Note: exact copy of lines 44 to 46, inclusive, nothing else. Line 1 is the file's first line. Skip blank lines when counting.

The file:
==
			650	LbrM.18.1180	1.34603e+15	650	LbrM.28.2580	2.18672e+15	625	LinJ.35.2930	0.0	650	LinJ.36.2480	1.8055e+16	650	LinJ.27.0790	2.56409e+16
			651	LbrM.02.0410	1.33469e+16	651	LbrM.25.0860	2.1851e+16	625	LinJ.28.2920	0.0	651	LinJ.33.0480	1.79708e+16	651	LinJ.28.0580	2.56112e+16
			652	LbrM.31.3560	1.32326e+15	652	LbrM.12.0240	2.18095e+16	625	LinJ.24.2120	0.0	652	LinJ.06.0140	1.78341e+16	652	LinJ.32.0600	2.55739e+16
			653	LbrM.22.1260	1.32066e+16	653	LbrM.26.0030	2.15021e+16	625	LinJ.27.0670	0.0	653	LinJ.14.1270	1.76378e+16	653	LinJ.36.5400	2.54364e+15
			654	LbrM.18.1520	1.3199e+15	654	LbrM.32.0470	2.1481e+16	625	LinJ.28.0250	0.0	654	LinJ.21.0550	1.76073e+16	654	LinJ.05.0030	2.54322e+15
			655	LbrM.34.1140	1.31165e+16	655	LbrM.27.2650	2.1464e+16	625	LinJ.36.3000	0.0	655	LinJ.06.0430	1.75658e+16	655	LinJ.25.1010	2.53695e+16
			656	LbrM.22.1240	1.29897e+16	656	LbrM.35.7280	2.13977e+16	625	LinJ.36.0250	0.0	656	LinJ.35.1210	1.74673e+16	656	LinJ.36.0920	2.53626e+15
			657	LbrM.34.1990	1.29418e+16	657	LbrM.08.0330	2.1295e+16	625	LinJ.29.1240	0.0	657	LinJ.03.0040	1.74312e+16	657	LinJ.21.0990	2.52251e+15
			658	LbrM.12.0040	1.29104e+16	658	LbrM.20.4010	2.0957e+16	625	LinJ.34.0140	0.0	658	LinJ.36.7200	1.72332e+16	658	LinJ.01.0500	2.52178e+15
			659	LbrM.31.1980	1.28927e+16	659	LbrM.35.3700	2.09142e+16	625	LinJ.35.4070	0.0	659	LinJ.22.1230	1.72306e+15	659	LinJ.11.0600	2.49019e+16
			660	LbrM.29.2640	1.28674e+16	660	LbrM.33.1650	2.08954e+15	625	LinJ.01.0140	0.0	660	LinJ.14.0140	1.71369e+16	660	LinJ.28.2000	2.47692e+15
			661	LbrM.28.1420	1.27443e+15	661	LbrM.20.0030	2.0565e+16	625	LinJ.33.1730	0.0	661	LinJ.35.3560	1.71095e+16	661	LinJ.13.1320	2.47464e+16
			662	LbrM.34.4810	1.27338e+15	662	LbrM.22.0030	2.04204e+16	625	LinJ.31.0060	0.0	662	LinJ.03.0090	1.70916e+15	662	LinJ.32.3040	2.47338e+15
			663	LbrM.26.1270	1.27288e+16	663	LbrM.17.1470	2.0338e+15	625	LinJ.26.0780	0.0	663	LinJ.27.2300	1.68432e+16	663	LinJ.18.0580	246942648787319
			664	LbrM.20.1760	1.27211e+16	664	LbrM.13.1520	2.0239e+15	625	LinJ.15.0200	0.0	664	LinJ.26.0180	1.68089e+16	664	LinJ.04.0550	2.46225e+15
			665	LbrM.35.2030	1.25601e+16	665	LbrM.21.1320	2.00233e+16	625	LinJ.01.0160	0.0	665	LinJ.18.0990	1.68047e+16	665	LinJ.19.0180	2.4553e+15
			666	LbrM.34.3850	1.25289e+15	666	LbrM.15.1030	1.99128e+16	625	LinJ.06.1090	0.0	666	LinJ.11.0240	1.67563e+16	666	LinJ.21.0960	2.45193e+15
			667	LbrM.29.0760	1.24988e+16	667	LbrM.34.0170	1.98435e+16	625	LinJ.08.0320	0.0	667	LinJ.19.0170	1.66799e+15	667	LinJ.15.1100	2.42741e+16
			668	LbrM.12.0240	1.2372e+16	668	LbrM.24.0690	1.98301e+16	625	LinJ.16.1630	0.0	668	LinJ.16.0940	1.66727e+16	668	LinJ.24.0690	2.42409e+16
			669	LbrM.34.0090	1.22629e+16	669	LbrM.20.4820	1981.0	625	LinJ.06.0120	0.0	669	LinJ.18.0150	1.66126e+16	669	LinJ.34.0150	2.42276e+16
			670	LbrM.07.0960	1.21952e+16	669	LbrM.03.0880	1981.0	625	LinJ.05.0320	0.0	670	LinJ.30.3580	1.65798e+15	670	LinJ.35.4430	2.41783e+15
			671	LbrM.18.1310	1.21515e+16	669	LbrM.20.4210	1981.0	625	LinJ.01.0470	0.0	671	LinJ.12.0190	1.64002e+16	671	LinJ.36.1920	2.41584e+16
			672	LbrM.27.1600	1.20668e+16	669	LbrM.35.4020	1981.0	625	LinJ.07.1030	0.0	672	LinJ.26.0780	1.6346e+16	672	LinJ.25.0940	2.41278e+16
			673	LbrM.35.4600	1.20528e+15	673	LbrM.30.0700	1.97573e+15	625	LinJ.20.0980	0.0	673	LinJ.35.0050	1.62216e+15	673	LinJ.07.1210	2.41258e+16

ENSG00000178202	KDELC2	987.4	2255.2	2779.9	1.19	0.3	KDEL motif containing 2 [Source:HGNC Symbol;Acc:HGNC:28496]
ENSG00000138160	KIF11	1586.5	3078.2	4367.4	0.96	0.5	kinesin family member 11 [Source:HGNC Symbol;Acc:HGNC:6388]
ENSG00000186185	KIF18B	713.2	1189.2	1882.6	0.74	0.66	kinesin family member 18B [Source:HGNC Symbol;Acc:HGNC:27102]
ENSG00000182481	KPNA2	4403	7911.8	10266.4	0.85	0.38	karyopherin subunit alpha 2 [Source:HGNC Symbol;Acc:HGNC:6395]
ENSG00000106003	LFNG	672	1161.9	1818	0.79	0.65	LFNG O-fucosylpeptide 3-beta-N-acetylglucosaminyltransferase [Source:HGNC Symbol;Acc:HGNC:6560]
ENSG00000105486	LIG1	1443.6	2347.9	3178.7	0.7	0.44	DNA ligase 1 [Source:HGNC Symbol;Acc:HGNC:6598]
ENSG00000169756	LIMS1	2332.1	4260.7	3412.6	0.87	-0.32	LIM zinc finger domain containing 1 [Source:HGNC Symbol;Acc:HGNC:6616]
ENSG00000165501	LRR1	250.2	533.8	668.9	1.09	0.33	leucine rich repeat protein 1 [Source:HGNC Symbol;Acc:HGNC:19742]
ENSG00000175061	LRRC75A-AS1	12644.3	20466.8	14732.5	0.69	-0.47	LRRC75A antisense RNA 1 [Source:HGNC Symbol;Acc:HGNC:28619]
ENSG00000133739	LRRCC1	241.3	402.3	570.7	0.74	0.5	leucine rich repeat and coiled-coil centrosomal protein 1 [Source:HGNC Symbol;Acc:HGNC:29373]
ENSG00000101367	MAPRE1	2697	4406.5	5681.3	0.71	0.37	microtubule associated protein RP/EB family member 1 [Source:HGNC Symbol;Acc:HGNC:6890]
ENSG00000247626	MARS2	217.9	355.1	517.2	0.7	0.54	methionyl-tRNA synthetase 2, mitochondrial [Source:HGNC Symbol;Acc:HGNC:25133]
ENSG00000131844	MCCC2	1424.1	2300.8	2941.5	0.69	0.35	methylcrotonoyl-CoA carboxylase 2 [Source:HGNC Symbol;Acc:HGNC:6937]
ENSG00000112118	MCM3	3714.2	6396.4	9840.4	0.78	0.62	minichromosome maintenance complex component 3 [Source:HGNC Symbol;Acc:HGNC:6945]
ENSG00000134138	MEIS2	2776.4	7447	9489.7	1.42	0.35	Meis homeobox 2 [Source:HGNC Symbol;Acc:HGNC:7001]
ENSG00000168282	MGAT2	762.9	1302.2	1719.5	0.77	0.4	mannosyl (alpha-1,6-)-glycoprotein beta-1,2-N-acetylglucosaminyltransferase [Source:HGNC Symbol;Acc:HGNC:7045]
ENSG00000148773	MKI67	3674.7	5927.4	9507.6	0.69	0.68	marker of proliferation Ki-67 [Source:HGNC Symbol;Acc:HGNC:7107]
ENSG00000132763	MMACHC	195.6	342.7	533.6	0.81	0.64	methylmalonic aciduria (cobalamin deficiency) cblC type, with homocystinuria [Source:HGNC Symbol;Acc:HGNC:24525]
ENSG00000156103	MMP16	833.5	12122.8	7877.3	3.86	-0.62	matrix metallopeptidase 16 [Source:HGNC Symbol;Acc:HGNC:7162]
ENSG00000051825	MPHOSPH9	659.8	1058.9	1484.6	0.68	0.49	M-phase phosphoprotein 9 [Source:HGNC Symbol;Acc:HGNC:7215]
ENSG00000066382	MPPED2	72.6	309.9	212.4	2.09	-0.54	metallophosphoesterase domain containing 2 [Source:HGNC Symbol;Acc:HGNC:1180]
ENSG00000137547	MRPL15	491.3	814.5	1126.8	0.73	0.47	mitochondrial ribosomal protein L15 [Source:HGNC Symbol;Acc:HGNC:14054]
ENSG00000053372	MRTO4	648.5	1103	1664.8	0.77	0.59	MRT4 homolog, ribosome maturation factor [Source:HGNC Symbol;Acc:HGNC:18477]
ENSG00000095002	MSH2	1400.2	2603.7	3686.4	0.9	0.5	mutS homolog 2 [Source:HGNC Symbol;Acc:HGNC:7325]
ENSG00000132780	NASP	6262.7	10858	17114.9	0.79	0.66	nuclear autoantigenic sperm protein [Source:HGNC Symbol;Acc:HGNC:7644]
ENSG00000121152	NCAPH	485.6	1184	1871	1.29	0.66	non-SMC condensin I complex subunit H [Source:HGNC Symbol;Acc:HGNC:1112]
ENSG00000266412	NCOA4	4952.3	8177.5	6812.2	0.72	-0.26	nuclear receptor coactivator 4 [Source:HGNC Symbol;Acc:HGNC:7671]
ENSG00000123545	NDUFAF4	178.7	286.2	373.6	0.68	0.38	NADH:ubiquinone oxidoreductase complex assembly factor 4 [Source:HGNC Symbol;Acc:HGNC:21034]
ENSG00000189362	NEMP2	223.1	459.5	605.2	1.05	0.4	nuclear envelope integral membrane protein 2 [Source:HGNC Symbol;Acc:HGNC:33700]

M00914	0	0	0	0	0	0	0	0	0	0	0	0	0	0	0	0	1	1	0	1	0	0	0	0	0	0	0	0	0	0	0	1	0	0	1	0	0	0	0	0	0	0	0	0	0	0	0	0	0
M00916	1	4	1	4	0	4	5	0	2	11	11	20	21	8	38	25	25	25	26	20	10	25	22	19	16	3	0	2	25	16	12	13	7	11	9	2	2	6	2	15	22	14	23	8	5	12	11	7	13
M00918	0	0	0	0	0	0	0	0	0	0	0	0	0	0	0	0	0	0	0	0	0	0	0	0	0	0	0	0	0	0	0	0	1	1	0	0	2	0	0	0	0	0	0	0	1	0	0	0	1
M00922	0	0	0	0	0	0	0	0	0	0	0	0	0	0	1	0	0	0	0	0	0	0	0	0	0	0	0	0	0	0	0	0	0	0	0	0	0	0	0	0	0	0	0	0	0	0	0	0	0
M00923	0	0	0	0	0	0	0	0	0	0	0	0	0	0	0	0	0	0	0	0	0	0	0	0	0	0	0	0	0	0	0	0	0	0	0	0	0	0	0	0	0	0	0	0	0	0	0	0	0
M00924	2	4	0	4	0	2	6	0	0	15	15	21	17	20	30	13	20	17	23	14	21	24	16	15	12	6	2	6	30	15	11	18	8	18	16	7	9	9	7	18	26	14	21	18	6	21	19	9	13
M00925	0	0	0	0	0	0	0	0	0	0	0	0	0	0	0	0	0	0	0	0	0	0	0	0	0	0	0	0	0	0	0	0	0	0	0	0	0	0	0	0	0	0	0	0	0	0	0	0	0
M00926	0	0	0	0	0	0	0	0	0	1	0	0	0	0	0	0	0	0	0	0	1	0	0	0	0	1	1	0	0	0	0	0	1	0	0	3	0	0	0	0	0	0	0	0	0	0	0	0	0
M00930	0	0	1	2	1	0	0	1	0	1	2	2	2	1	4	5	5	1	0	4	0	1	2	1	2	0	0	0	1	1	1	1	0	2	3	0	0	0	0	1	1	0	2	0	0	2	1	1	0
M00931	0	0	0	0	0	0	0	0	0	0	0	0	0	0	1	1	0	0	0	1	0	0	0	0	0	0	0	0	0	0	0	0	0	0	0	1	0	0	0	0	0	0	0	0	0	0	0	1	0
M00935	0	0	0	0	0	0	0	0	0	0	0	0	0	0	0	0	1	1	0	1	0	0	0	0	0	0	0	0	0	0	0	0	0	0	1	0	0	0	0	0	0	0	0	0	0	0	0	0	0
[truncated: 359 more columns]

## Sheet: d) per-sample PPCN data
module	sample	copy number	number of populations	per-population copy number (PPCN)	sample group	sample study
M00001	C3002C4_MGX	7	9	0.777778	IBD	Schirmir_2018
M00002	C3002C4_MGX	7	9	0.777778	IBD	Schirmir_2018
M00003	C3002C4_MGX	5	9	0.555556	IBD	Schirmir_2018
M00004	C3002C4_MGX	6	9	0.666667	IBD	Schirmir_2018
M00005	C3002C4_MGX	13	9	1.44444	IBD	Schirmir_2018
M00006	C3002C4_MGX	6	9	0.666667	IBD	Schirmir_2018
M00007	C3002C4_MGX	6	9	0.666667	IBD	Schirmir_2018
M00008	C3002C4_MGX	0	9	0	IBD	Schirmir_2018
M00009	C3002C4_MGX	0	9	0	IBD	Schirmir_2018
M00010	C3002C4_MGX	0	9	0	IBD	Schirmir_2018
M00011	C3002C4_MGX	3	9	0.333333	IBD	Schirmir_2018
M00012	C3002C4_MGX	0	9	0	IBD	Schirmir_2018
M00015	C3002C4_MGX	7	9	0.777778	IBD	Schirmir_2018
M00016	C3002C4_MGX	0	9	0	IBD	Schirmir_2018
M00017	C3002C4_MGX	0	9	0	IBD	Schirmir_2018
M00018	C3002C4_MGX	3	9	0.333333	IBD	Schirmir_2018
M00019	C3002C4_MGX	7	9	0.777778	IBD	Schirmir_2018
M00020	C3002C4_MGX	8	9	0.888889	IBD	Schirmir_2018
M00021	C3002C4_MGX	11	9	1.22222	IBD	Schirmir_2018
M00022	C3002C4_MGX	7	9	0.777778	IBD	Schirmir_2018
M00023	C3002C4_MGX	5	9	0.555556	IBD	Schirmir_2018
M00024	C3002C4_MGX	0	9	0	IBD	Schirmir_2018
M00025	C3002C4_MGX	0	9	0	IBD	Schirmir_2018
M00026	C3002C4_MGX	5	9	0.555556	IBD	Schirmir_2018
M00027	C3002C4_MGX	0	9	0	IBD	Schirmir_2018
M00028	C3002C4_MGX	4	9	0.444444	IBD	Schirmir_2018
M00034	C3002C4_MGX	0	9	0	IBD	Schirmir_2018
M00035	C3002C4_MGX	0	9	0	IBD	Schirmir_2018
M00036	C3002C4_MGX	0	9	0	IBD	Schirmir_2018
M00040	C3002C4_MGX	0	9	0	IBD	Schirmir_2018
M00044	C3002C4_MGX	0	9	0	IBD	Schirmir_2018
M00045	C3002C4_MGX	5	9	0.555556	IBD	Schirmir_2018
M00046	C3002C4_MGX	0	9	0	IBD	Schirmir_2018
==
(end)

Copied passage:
ENSG00000051825	MPHOSPH9	659.8	1058.9	1484.6	0.68	0.49	M-phase phosphoprotein 9 [Source:HGNC Symbol;Acc:HGNC:7215]
ENSG00000066382	MPPED2	72.6	309.9	212.4	2.09	-0.54	metallophosphoesterase domain containing 2 [Source:HGNC Symbol;Acc:HGNC:1180]
ENSG00000137547	MRPL15	491.3	814.5	1126.8	0.73	0.47	mitochondrial ribosomal protein L15 [Source:HGNC Symbol;Acc:HGNC:14054]